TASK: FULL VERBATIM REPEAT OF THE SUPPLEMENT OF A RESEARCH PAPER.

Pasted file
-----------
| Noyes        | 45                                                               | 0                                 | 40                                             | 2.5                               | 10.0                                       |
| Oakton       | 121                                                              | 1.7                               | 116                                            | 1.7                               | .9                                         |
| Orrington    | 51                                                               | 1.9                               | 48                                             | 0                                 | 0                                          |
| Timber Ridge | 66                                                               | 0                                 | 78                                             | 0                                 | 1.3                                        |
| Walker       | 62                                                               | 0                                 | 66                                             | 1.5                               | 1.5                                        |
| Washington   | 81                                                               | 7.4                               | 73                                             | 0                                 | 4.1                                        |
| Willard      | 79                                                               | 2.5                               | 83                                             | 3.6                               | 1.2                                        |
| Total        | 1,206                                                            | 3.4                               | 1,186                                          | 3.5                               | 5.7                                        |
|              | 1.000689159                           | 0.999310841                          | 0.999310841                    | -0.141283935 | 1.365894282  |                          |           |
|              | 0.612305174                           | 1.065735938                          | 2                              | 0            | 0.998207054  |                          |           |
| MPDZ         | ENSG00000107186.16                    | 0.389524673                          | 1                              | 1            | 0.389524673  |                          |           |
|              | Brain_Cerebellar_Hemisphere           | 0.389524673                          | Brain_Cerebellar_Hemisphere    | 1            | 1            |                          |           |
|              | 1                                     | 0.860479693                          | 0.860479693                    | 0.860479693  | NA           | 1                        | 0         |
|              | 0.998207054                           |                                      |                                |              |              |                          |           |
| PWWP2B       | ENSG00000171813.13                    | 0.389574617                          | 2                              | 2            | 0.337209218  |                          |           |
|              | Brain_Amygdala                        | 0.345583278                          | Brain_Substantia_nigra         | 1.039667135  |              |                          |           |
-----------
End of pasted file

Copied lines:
| Noyes        | 45                                                               | 0                                 | 40                                             | 2.5                               | 10.0                                       |
| Oakton       | 121                                                              | 1.7                               | 116                                            | 1.7                               | .9                                         |
| Orrington    | 51                                                               | 1.9                               | 48                                             | 0                                 | 0                                          |
| Timber Ridge | 66                                                               | 0                                 | 78                                             | 0                                 | 1.3                                        |
| Walker       | 62                                                               | 0                                 | 66                                             | 1.5                               | 1.5                                        |
| Washington   | 81                                                               | 7.4                               | 73                                             | 0                                 | 4.1                                        |
| Willard      | 79                                                               | 2.5                               | 83                                             | 3.6                               | 1.2                                        |
| Total        | 1,206                                                            | 3.4                               | 1,186                                          | 3.5                               | 5.7                                        |
|              | 1.000689159                           | 0.999310841                          | 0.999310841                    | -0.141283935 | 1.365894282  |                          |           |
|              | 0.612305174                           | 1.065735938                          | 2                              | 0            | 0.998207054  |                          |           |
| MPDZ         | ENSG00000107186.16                    | 0.389524673                          | 1                              | 1            | 0.389524673  |                          |           |
|              | Brain_Cerebellar_Hemisphere           | 0.389524673                          | Brain_Cerebellar_Hemisphere    | 1            | 1            |                          |           |
|              | 1                                     | 0.860479693                          | 0.860479693                    | 0.860479693  | NA           | 1                        | 0         |
|              | 0.998207054                           |                                      |                                |              |              |                          |           |
| PWWP2B       | ENSG00000171813.13                    | 0.389574617                          | 2                              | 2            | 0.337209218  |                          |           |
|              | Brain_Amygdala                        | 0.345583278                          | Brain_Substantia_nigra         | 1.039667135  |              |                          |           |